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JOURNAL ARTICLE
REVIEW

Sickle cell disease: wheeze or asthma?

Robyn T Cohen, Elizabeth S Klings, Robert C Strunk
Asthma Research and Practice 2015, 1: 14
27965767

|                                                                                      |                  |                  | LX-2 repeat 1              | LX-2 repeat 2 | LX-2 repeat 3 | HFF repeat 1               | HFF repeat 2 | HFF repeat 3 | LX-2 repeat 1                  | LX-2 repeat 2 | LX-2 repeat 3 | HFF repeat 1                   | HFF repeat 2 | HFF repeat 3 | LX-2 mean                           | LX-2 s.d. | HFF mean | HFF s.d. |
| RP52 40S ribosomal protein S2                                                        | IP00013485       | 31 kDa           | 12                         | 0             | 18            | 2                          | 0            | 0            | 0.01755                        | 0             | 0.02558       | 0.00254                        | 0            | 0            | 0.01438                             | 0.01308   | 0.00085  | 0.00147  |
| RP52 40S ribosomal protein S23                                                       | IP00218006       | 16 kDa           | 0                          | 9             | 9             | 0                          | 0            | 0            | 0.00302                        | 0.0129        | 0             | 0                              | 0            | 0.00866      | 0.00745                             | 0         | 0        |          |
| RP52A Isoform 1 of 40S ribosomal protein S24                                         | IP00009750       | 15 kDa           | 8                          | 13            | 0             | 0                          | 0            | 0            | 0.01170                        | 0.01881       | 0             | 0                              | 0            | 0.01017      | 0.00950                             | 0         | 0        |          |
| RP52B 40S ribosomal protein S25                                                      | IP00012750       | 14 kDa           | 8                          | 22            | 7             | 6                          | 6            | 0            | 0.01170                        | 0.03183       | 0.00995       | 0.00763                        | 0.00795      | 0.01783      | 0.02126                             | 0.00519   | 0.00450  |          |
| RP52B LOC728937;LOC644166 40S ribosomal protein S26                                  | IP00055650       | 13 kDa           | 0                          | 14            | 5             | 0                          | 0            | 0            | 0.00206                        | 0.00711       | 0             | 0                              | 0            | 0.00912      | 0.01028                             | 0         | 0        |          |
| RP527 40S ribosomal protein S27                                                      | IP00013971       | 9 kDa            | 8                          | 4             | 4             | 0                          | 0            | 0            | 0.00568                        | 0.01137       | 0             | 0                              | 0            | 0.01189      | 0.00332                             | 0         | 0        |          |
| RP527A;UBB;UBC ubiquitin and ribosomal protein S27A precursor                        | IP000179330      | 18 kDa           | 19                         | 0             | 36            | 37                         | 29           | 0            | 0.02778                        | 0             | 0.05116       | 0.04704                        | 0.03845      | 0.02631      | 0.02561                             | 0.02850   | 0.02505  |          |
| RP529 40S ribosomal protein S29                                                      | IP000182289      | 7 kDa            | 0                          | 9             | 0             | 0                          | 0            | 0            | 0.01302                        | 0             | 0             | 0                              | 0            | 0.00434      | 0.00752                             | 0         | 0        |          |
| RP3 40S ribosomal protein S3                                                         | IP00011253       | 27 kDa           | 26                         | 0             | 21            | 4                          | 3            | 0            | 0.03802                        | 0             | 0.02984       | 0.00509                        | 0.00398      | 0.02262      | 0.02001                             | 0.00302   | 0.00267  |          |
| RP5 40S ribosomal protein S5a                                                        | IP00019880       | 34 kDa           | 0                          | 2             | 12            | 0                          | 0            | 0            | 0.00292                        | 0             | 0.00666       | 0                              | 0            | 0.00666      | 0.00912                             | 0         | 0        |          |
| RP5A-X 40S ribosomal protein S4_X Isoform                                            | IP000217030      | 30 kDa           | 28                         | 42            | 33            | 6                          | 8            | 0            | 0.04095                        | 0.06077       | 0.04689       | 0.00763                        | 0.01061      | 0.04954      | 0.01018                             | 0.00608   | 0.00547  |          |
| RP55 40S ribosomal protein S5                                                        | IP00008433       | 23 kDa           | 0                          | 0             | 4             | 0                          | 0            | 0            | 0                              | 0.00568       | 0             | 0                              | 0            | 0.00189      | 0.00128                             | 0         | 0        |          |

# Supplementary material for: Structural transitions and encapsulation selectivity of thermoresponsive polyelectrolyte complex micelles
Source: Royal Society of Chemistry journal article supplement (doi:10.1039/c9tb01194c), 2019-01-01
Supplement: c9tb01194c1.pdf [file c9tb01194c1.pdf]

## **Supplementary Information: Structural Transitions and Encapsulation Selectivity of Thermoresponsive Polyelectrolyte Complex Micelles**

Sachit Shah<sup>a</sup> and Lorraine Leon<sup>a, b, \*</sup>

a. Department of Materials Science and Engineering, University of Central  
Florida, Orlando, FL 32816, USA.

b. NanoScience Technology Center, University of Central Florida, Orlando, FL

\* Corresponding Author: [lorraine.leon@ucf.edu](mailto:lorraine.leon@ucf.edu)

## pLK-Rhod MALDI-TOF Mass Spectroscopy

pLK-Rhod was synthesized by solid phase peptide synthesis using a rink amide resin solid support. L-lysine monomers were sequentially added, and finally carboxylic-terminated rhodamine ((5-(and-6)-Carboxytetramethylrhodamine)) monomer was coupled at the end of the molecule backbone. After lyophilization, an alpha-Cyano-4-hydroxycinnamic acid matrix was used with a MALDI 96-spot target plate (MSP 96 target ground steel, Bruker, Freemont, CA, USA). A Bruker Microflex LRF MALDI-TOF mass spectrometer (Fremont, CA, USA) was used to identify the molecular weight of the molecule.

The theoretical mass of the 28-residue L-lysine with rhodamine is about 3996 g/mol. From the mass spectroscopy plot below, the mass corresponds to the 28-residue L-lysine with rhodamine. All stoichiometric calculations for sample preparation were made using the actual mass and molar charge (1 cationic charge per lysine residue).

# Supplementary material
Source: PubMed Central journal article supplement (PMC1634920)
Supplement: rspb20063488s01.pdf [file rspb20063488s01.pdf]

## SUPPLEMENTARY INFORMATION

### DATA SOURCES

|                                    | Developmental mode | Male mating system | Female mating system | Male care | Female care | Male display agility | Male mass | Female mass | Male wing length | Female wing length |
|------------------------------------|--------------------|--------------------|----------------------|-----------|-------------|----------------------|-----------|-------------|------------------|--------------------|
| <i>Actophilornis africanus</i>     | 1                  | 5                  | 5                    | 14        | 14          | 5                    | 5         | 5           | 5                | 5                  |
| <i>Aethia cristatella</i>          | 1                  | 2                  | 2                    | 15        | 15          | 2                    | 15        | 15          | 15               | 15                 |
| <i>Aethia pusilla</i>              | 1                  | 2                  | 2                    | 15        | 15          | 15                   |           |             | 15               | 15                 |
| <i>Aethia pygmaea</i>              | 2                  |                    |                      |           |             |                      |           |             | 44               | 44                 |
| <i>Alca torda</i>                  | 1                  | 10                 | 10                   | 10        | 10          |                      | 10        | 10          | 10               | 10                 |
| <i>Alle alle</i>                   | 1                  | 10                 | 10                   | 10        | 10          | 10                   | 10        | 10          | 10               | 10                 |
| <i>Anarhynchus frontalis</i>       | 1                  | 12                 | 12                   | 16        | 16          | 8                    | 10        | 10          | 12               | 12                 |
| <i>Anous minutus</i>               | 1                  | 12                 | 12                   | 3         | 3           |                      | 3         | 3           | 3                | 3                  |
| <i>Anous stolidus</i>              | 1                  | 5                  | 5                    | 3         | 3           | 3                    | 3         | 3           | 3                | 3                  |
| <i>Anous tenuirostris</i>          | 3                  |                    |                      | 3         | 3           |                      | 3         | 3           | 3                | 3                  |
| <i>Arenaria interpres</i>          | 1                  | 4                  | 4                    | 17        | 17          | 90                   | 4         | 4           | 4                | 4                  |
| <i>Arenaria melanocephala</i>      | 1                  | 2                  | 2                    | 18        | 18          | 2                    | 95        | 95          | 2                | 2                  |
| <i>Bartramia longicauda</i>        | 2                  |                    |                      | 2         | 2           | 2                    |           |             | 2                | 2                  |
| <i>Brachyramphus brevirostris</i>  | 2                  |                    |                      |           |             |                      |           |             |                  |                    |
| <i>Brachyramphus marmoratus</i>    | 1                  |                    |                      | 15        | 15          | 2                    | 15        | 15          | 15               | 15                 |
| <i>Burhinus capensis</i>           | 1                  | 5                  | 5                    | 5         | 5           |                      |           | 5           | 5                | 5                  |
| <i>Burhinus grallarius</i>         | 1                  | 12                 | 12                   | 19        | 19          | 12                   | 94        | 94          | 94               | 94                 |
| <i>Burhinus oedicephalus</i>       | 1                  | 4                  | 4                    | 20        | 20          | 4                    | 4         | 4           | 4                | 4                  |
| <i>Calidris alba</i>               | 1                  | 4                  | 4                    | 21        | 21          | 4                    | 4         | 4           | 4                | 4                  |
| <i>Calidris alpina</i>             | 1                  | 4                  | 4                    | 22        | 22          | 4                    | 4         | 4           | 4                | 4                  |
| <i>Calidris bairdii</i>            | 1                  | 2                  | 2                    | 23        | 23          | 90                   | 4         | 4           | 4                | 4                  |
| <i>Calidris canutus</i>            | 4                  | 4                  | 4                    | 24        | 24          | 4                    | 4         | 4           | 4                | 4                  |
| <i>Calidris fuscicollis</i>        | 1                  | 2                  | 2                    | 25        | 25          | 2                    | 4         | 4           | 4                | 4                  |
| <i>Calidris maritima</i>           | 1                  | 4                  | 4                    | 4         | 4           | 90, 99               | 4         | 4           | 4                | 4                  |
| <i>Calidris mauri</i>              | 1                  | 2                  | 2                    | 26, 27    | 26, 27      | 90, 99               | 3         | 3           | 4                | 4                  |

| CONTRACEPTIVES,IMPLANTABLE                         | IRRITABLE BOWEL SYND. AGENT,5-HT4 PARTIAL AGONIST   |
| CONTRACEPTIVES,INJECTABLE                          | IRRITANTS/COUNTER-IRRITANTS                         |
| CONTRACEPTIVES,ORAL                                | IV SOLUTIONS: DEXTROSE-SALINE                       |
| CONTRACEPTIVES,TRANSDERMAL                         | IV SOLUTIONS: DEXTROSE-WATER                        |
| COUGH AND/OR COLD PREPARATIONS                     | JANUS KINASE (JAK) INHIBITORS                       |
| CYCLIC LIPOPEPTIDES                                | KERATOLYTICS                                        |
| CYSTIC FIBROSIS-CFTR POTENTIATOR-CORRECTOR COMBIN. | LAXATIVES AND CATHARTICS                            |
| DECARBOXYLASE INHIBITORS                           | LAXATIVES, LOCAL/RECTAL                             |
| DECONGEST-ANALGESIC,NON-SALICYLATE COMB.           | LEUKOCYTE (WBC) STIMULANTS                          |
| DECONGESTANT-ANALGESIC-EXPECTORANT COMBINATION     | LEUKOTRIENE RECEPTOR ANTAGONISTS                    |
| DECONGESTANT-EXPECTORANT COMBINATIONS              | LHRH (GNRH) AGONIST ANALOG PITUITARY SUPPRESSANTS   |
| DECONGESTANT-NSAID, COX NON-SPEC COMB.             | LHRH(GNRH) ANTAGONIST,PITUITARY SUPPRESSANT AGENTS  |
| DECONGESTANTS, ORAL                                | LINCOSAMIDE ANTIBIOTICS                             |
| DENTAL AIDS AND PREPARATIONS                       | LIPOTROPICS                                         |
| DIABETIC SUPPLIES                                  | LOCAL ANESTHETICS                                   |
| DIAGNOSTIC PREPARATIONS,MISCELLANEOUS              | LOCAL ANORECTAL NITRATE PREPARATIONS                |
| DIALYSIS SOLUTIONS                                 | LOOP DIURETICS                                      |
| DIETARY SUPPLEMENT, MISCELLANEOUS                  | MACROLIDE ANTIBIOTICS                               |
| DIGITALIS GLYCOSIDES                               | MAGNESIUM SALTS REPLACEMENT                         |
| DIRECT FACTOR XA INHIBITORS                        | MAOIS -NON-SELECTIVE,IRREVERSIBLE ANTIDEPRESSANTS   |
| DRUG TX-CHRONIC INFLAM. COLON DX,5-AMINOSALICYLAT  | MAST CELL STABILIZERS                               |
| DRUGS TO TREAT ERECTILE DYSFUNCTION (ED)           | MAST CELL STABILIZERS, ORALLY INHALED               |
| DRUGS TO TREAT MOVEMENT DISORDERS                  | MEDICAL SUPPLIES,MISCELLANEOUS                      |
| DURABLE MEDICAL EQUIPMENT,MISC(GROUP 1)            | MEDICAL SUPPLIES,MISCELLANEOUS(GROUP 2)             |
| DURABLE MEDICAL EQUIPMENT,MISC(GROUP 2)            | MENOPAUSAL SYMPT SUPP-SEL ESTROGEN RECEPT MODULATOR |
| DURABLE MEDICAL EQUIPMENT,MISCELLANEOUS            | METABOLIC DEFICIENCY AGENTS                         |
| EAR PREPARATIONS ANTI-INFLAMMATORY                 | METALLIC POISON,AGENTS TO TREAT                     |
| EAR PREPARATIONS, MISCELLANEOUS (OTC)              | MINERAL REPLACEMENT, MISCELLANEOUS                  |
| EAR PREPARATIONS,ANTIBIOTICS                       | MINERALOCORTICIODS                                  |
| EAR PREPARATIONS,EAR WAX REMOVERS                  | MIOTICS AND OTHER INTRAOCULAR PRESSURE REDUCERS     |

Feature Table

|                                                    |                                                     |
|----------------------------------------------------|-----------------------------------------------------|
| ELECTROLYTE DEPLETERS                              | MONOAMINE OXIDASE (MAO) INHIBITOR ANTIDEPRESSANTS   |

Sickle cell disease (SCD) is the most common life-limiting genetic disease among African Americans, affecting more than 100,000 people in the United States. Respiratory disorders in patients with sickle cell disease have been associated with increased morbidity and mortality. Associations between asthma and pain, acute chest syndrome (ACS), and even death have long been reported. More recently wheezing, even in the absence of an asthma diagnosis, has gained attention as a possible marker of SCD severity. Several challenges exist with regards to making the diagnosis of asthma in patients with SCD, including the high prevalence of wheezing, evidence of airway obstruction on pulmonary function testing, and/or airway hyperresponsiveness among patients with SCD. These features often occur in isolation, in the absence of other clinical criteria necessary for an asthma diagnosis. In this review we will summarize: 1) Our current understanding of the epidemiology of asthma, wheezing, airway obstruction, and airway responsiveness among patients with SCD; 2) The evidence supporting associations with SCD morbidity; 3) Our understanding of the pathophysiology of airway inflammation in SCD; 4) Current approaches to diagnosis and management of asthma in SCD; and 5) Future directions.

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